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Suwalai Pinpradab, TAT regional director

TAT Backs Cruise Ships and Natural Harmony

Wednesday, January 23, 2008
CRUISE ships are looming large on the horizon, probably as one of the keys to the future of tourism on Phuket.

Suwalai Pinpradab, director of the TAT Southern Office Region 4, can see many more ocean liners heading this way, especially with proper infrastructure on the island.

While the importance of sailing is always noted each December during the King's Cup Regatta and good for PR, it's the big boats that deliver big tourist numbers.

Cruise ships brought about 200,000 people to the island in 2007, up about 20 percent on 2006. That's a figure to rival any of the three leading countries, Australia, Britain or Korea.

Now all that's needed are the right kind of docking arrangements, so passengers don't have to climb down into small boats to be delivered to the shore in Patong.

Cruise passengers are sometimes elderly and usually quite good spenders, just the kind of people the TAT hopes to encourage to visit the island more frequently.

There are plenty of other encouraging signs, Khun Suwalai says.

''2006 was very good for Phuket because we reached our target and we have good signs for 2007. Charter flights are providing services right through the rainy season now, too.

''This period has been good for Korean honeymooners. It has been an auspicious time for them to get married.''

While the TAT sets tourism targets that appear to grow larger every year, Khun Suwalai believes maintaining a balance with the island's natural assets is just as important.

She'd like to see visitor numbers spread more evenly all year long, and for tourists to be encouraged to spend more while they are here.

That's the rationale behind the hunt for so-called ''quality'' tourists.

''We would like to make this region a popular destination but we have to look after our environment, too,'' she says.

She is concerned about the relatively recent explosion of property developments and fears that Krabi and Phang Nga will eventually follow the pace set on Phuket.

Having first worked on the island 15 years ago, she has been able to assess what may have been lost along the way.

In terms of the relationship between the natural and the commercial worlds, she explains it like this: ''I like to concentrate on the island's future well-being by taking care of the natural resources. Really, this is our 'product.'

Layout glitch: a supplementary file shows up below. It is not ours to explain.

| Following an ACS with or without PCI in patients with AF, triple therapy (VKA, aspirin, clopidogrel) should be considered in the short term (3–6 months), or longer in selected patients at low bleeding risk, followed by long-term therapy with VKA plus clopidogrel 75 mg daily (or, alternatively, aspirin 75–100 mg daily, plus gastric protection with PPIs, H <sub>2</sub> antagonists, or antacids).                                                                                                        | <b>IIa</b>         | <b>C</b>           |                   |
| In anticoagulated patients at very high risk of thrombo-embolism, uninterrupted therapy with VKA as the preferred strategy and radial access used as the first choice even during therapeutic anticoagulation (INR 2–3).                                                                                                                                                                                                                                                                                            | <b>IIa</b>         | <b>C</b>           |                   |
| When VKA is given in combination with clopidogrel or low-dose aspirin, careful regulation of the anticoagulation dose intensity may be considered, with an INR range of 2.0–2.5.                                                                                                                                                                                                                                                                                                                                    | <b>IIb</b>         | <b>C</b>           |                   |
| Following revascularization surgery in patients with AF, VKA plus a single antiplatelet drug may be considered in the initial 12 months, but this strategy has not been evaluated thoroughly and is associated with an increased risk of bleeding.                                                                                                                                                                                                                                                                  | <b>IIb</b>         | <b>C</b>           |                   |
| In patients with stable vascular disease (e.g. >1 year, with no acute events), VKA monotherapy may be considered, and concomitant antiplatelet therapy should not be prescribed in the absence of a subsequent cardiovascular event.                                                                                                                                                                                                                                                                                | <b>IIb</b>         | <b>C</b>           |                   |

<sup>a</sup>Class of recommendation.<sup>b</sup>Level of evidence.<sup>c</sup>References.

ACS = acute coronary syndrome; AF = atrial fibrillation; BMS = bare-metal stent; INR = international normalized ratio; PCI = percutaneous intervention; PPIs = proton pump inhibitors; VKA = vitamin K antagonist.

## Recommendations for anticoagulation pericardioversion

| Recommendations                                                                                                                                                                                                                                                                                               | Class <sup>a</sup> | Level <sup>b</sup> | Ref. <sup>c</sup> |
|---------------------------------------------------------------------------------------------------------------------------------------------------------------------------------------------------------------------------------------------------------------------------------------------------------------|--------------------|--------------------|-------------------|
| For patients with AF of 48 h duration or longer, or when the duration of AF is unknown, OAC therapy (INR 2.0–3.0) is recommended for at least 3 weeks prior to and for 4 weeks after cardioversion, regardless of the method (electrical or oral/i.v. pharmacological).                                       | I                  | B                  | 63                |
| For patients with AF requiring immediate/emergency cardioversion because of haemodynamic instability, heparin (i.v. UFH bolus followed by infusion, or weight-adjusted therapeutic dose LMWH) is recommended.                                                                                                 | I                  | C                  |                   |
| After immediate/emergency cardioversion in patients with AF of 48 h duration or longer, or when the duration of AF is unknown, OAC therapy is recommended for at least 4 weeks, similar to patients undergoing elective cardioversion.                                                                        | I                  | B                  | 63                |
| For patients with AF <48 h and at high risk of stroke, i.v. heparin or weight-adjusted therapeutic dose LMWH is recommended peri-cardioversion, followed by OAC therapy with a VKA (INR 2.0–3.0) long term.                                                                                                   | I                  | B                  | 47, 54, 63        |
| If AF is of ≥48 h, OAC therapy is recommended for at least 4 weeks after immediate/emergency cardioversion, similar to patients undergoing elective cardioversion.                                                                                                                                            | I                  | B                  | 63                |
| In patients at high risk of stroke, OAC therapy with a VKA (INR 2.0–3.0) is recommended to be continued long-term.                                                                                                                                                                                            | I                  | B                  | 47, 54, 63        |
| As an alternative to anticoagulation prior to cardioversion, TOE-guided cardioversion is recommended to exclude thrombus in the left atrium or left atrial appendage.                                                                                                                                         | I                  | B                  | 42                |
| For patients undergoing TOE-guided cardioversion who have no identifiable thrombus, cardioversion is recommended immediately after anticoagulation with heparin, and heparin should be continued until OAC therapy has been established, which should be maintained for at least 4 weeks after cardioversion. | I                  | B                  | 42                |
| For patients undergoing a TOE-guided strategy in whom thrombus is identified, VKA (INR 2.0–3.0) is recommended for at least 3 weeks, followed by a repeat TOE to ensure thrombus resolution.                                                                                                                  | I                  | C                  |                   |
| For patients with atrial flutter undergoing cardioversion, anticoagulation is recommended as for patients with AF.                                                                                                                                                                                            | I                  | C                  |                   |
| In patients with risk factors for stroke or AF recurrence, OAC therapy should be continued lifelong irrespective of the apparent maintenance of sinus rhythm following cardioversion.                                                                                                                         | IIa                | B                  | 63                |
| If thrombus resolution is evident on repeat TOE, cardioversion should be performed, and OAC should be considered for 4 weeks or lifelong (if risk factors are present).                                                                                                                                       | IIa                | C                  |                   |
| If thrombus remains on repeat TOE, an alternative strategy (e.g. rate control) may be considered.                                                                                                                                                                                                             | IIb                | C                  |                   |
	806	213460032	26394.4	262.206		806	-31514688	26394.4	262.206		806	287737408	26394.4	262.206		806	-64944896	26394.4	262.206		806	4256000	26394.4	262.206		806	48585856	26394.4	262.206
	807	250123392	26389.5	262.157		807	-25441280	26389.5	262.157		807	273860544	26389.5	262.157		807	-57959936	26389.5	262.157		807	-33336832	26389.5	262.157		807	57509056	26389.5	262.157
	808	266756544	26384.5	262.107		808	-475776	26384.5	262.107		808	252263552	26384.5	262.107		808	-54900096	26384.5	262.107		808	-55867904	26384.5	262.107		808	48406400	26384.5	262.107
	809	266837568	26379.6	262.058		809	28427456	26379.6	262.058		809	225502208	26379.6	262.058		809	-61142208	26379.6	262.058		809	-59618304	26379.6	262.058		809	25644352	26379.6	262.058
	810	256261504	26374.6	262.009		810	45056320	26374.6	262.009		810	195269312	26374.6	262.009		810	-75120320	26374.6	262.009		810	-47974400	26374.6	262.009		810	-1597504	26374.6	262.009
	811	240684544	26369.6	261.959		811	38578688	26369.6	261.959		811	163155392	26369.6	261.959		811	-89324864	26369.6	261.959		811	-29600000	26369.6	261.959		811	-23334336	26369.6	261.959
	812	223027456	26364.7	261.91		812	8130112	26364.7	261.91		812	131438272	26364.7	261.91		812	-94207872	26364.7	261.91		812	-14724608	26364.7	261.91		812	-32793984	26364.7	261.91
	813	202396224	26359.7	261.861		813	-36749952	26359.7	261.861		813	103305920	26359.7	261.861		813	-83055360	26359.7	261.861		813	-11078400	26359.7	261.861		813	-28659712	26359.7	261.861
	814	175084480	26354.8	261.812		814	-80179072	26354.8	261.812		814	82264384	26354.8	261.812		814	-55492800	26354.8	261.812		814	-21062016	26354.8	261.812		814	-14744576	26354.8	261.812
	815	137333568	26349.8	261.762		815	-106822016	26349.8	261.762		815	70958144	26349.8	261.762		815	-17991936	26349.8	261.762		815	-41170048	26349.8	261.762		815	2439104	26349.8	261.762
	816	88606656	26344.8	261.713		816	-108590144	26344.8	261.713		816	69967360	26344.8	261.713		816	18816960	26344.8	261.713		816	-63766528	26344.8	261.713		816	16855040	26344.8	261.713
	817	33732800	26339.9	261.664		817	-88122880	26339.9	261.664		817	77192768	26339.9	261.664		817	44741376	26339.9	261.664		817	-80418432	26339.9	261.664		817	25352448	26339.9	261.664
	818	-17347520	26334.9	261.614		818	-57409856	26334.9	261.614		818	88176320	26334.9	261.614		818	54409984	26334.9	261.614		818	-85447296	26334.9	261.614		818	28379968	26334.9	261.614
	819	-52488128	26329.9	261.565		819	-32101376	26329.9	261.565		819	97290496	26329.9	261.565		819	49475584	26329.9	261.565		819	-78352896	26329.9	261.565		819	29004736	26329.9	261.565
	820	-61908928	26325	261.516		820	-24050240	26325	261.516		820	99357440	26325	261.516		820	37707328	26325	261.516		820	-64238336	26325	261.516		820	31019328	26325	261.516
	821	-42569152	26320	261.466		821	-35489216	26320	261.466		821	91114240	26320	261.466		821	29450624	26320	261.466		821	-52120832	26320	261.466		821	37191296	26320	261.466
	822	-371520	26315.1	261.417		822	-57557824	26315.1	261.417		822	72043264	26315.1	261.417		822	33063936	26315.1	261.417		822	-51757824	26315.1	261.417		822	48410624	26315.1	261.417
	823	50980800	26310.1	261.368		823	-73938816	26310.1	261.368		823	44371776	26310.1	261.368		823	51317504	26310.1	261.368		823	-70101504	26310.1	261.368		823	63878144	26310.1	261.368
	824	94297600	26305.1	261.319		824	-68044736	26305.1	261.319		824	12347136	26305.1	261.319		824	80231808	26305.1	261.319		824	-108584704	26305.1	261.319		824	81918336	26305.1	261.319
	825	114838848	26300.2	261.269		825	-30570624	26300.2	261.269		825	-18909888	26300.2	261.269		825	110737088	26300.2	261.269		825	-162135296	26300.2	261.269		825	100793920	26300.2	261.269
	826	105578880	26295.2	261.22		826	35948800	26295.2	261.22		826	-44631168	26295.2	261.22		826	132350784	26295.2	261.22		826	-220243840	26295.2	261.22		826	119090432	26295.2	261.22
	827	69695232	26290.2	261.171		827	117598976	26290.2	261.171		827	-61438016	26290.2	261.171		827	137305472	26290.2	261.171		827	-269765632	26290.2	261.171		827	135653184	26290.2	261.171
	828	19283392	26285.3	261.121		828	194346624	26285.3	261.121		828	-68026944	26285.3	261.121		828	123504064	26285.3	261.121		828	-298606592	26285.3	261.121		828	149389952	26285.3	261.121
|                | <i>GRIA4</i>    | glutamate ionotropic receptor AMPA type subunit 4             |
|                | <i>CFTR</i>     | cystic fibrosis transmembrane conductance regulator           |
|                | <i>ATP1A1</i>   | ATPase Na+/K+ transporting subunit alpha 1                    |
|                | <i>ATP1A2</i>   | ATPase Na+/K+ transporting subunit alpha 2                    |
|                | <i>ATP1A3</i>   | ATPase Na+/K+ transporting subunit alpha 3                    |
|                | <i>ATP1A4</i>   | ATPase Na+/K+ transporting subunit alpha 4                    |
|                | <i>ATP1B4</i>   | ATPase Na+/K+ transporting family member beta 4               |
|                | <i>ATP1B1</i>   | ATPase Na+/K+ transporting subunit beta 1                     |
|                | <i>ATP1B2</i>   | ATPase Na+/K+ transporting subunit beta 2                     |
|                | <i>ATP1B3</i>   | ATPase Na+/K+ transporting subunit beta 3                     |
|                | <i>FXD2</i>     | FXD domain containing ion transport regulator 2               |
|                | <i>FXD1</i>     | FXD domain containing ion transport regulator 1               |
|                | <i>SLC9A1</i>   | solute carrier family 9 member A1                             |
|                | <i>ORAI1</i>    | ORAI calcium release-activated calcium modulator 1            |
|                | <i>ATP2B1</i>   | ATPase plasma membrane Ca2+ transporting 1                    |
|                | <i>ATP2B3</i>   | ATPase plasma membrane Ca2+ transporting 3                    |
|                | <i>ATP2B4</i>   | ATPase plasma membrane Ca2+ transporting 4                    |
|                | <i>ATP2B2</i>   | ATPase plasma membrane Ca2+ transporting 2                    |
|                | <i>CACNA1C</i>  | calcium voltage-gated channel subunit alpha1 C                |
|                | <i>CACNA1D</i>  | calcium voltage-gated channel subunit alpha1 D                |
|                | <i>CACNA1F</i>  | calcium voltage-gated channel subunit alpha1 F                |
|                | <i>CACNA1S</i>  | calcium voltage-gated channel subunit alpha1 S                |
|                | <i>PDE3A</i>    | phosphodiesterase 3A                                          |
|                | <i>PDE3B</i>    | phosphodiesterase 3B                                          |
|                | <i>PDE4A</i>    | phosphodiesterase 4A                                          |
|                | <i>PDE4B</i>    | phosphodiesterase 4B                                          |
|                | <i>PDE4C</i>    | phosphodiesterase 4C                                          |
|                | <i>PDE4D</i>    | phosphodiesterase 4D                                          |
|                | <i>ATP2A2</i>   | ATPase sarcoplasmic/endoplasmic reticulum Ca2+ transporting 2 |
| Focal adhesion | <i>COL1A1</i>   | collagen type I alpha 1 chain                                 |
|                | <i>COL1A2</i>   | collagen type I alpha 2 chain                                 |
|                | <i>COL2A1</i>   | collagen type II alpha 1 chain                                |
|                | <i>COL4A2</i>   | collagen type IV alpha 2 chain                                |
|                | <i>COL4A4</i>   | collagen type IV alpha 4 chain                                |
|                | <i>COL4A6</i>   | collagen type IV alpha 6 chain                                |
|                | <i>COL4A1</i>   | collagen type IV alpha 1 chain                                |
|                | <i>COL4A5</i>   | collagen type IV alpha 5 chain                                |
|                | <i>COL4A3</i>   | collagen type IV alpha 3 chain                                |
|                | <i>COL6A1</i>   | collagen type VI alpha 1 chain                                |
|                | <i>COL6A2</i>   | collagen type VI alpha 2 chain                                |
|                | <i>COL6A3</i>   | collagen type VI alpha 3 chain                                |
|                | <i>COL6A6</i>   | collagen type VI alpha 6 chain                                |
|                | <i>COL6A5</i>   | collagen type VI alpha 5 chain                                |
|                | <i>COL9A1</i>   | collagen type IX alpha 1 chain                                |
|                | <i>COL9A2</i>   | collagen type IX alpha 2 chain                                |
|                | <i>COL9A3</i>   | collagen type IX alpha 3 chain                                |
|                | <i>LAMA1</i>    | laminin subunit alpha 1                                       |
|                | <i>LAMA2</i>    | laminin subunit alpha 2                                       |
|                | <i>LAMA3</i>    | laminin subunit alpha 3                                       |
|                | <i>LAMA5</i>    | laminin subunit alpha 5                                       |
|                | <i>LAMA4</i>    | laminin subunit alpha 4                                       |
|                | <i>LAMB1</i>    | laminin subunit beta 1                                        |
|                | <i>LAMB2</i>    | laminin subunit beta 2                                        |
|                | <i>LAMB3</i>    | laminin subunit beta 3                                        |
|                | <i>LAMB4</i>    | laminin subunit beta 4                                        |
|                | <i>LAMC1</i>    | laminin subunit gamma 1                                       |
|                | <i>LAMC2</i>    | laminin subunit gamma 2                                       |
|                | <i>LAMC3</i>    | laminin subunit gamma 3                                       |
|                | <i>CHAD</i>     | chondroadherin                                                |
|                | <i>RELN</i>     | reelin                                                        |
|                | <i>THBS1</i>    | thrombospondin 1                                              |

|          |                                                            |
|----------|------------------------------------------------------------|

''We do plenty of marketing and PR and if our product is good, it will sell.

''The danger will be that if tourists come, and they see things that are not nice. . .

''This is why we need to take care of our product.''

As well as promotional road shows, the TAT listens to tourists who come to the office in Phuket City with praise and problems.

Tourists find Phuket people extremely pleasant but don't like excessive fares among the tuk-tuks and some of the tricks that unethical vendors pull in Patong.

Khun Suwalai approves of the arrival of the seaplane shuttle service, Destination Air, the Phuketwan Business of the Year for 2007.

''It's a very good thing for Phuket and it helps to upgrade our tourists,'' she says.

The air shuttle also supports the trend for visitors to stay in more than one destination, too. Once, a family might spend two or three weeks on Phuket.

Today they are likely to spend one week on Phuket then go to Phang Nga or Krabi or a smaller island and spend time there as well.

The same trend is evident throughout the region, with travellers perhaps stopping off at Singapore or in Malaysia on the way to Phuket.

Khun Suwalai believes that there's plenty to see and do in Phuket during the low season and that resorts are sensibly encouraging batik painting, Thai kick boxing, cultural treks, cooking lessons and other indoors activities.

Visits to FantaSea and dining out are among the other green-season activities she lists.

China looms as a big competitor, as well as being a largely-undeveloped market. The relationship is likely to intensify if taxes are applied to long-haul air travel or the price of fuel pushes fares too high.

Then Thailand will be looking for more customers from within the Asian region.

For Khun Suwalai, who has been in the role for four years come February, the important point is to get the balance right.

''If we cannot maintain the balance, there will be problems,'' she says.


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